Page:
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## PowerPoint Slideshow about ' Programming Languages' - amena-johns

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### Functional Programming Languages

ProgrammingLanguages

This lesson describes the concept of a function and how programs can be viewed as functions. We then study a functional language – Lisp, and discuss some of its fundamental properties.

Functions and Programming

- Functional programming has a number of distinct advantages, which have traditionally made it popular for artificial intelligence, mathematical proof systems, and logic applications.

- These include the uniform view of programs as functions, the treatment of functions as data, the limitation of side effects, and the use of automatic memory management.

- A functional programming language has as a result great flexibility, conciseness of notation, and simple semantics.

The Drawback

- Because of their dynamic nature, such languages historically were interpreted rather than compiled,

- The major drawback has traditionally been the inefficiency of execution of functional languages.

- with a resulting substantial loss in execution speed.

- Even when compilers became available, the speedups obtained were inadequate.

- But the semantic simplicity and orthogonality of design have made it a reasonable alternative for teaching computer science.

Programs as Functions

- If we ignore the details of the computation, and focus on the result, then a program becomes simply a "black box" for obtaining output from input.

- A program is a description of a specific computation.

- From this point of view, a program is essentially equivalent to a mathematical function:

- Definition: A function is a rule that associates to each x from some set X of values a unique y from another set Y of values: y = f(x)

Variables and Assignments

- We can think of programs, procedures, and functions in a programming language as all being represented by the mathematical concept of a function.

- In mathematics there is no concept of memory location, or values of variables, so that an assignment statement such as x = x + 1 makes no sense in functional programming.

- In this sense, in functional programming, there are no variables, only constants, parameters, and values.

Loops

- Most modern functional programming languages retain some notion of variable and assignment, and so are "impure”.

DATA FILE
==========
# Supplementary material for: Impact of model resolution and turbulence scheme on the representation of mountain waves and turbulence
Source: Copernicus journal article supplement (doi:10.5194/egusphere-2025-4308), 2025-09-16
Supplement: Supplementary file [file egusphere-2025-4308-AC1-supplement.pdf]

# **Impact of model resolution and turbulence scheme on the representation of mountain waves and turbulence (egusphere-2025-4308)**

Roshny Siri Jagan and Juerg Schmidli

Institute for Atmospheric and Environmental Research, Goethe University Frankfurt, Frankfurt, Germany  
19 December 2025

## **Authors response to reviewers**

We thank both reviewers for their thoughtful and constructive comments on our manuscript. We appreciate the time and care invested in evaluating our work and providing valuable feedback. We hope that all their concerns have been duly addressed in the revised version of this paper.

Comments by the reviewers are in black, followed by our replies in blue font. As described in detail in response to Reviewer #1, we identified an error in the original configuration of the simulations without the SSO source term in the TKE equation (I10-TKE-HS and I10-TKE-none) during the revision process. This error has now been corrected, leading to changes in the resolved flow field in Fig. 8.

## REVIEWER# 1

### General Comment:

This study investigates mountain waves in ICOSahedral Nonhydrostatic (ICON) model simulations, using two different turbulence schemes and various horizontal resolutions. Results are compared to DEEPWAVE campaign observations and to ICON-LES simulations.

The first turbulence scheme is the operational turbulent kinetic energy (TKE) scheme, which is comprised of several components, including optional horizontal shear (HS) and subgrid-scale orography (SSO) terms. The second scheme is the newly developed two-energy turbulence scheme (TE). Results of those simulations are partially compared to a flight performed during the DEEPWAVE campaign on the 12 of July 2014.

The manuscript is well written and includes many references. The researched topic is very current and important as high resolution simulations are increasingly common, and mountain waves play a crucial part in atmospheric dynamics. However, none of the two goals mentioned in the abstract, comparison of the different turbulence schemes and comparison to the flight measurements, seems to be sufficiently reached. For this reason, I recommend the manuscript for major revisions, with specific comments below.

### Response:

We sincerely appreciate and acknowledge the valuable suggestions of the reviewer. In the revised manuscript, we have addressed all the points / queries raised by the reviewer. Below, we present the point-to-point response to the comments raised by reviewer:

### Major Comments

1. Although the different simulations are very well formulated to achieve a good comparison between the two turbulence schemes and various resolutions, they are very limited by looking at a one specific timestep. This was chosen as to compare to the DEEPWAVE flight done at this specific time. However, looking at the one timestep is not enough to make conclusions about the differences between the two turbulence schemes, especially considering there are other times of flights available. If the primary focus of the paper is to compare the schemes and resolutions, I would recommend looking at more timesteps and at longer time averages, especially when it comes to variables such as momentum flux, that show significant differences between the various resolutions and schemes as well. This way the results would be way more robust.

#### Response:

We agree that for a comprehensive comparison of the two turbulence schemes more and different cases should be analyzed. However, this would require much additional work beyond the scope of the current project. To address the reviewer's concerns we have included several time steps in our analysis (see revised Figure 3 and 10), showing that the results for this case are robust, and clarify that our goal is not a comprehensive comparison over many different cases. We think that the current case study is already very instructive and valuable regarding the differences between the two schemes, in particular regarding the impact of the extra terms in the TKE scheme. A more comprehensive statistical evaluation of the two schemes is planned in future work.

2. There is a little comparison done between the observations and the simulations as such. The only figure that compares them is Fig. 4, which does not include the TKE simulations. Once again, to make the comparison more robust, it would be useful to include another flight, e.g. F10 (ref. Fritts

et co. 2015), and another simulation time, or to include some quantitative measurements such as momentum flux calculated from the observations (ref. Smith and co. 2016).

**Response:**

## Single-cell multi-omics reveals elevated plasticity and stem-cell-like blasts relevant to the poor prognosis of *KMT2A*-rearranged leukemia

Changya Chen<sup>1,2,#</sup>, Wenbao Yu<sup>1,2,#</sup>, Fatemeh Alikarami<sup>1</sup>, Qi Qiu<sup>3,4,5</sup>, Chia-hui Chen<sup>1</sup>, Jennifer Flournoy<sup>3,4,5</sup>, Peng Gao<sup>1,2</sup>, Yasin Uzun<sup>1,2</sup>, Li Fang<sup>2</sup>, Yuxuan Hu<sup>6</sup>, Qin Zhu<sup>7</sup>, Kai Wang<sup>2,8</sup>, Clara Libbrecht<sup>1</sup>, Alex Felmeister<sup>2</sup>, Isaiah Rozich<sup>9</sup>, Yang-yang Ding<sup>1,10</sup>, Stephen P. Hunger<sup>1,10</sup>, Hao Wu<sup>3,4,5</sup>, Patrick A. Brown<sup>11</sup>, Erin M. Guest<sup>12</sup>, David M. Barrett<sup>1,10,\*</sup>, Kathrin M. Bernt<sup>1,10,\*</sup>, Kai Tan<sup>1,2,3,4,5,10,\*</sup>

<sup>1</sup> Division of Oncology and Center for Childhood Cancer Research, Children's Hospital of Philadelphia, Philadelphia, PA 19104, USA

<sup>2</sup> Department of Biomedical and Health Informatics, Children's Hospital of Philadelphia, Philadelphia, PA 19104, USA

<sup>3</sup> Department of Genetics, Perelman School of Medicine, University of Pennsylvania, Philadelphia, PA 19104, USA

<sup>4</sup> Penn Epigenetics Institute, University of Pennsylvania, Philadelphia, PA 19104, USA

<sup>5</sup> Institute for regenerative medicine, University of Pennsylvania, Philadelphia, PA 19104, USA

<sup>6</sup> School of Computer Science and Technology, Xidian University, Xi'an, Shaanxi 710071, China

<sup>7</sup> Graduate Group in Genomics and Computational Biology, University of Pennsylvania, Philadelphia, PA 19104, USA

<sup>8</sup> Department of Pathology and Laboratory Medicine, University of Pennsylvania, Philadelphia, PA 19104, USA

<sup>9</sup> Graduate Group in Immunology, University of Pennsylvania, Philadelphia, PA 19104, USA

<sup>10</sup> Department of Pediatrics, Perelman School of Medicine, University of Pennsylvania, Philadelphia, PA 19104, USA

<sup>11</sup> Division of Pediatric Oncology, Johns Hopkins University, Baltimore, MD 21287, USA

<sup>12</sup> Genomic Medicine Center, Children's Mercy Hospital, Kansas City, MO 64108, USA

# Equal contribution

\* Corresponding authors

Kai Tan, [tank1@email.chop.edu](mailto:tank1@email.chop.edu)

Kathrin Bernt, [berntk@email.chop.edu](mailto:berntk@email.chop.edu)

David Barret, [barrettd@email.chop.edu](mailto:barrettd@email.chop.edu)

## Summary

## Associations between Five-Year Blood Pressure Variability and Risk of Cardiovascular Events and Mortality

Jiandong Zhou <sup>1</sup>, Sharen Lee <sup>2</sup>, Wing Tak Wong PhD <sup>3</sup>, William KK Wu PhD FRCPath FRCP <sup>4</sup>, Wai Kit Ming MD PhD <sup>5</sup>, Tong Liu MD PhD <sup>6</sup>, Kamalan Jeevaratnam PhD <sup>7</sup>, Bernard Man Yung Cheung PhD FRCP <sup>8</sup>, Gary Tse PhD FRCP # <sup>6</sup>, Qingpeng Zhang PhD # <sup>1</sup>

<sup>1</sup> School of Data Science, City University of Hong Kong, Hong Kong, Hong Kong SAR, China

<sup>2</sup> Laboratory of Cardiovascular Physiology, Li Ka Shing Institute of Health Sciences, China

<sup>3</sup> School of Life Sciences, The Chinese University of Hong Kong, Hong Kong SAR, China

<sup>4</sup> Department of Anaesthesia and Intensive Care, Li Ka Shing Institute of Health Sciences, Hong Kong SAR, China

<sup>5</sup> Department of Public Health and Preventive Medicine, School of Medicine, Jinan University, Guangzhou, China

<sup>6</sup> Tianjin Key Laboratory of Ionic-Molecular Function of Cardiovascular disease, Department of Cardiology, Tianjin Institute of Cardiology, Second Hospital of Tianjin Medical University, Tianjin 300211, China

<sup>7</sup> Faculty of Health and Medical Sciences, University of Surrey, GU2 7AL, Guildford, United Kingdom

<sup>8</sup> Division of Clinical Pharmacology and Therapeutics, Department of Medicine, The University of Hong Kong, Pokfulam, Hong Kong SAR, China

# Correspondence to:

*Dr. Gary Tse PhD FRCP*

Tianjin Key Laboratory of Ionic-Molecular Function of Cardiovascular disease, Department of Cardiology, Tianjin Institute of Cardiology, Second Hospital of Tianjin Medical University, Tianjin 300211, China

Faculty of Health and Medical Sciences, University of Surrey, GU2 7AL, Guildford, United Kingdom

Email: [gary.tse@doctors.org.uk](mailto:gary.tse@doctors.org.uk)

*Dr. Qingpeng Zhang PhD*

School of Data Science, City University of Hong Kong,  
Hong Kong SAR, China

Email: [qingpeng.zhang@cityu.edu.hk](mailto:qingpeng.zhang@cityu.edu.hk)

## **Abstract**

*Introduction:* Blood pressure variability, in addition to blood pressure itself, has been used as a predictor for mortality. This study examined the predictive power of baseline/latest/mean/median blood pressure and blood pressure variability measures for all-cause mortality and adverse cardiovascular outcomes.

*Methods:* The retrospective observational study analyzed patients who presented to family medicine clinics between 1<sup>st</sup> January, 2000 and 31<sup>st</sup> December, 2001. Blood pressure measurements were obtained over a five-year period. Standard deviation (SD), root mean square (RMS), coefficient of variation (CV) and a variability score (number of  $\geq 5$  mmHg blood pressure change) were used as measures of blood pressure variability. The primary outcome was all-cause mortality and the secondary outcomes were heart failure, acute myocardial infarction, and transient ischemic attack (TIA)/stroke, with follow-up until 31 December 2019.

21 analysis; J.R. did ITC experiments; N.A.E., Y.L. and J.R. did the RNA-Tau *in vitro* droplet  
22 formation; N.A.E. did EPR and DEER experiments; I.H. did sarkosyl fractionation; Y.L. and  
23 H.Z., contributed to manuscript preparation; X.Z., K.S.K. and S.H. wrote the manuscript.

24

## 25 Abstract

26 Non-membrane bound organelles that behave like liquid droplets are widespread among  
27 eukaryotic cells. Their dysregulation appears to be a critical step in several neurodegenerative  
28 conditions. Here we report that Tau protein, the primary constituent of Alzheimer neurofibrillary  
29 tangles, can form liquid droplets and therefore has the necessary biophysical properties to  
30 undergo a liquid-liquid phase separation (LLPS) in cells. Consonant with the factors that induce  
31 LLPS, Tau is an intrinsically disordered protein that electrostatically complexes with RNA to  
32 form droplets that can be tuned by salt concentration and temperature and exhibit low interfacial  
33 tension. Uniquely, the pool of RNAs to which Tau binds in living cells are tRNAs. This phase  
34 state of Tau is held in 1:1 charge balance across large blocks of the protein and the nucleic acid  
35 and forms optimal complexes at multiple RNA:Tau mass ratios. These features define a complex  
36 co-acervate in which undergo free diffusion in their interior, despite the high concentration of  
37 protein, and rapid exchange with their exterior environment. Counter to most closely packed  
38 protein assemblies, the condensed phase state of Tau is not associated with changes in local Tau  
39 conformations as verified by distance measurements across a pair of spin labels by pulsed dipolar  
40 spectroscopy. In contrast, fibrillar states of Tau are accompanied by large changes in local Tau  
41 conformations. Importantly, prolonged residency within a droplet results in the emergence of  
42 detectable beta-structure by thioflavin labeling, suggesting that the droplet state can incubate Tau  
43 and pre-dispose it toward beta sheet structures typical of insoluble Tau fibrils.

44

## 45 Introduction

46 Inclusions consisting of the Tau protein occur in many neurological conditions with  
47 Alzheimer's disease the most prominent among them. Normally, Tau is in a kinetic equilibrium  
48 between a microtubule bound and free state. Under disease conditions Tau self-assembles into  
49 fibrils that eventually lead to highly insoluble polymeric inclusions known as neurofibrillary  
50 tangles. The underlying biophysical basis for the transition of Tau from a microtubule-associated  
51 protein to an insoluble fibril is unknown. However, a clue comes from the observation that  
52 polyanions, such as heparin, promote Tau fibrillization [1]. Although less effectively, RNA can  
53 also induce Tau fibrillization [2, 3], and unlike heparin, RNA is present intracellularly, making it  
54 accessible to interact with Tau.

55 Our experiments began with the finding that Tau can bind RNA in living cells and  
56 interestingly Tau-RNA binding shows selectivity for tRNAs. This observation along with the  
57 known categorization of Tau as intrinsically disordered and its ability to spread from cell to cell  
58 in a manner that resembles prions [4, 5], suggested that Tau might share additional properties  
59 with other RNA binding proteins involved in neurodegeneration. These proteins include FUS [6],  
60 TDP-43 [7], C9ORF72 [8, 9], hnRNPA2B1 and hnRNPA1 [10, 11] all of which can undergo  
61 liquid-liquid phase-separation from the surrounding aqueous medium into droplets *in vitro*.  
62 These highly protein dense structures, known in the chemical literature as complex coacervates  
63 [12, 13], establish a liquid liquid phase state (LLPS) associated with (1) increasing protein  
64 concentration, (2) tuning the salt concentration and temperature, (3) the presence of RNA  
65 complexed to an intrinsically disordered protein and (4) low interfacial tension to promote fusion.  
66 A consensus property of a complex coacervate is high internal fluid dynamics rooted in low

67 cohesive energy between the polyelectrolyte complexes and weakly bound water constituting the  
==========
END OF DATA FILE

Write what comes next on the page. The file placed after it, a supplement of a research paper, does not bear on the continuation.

- Pure functional programming is Turing complete in that any computation may be described using functions alone.

- One consequence of the lack of variables and assignment in functional programming is that there also can be no loops.

- A loop must have a control variable that is assigned as the loop executes, and this is not possible without variables and assignment.

Recursion

- How do we write repeated operations in functional form? Recursion is the essential feature.

Example 2, Translation of first-order predicate calculus

- Another consequence of the lack of variables and assignment is that there is no notion of the internal state of a function:

- The value of any function depends only on the values of its parameters, and not on any previous computations, including calls to the function itself.

- The property that a function’s value depends only on the values of its parameters is called referential transparency.

- The value of any function also cannot depend on the order of evaluation of its parameters.

No State

- The lack of variables and the referential transparency of functional programming make the semantics of functional programs particularly straightforward: there is no state.

- Indeed, the lack of local state in functional programming makes it in a sense the opposite of object-oriented programming, where computation proceeds by changing the local state of objects.

Generality

- We express this generality of functions in functional programming by saying that functions are first-class values.

- Composition is itself a function that takes two functions as parameters and produces another function as its returned value. Such functions are sometimes called higher-order functions.

Function Definitions in Lisp

- When the Lisp interpreter evaluates a list, it looks to see whether the first symbol on the list has a function definition attached to it;

- or, put another way, whether the symbol points to a function definition.

- If it does, the computer carries out the instructions in the definition.

- A symbol that has a function definition is called a function.

Function Definitions in Lisp (2)

- Lisp function definition has up to five parts:

- (defun function-name (arguments...) "optional-documentation..." (interactive argument-passing-info); optional body... )

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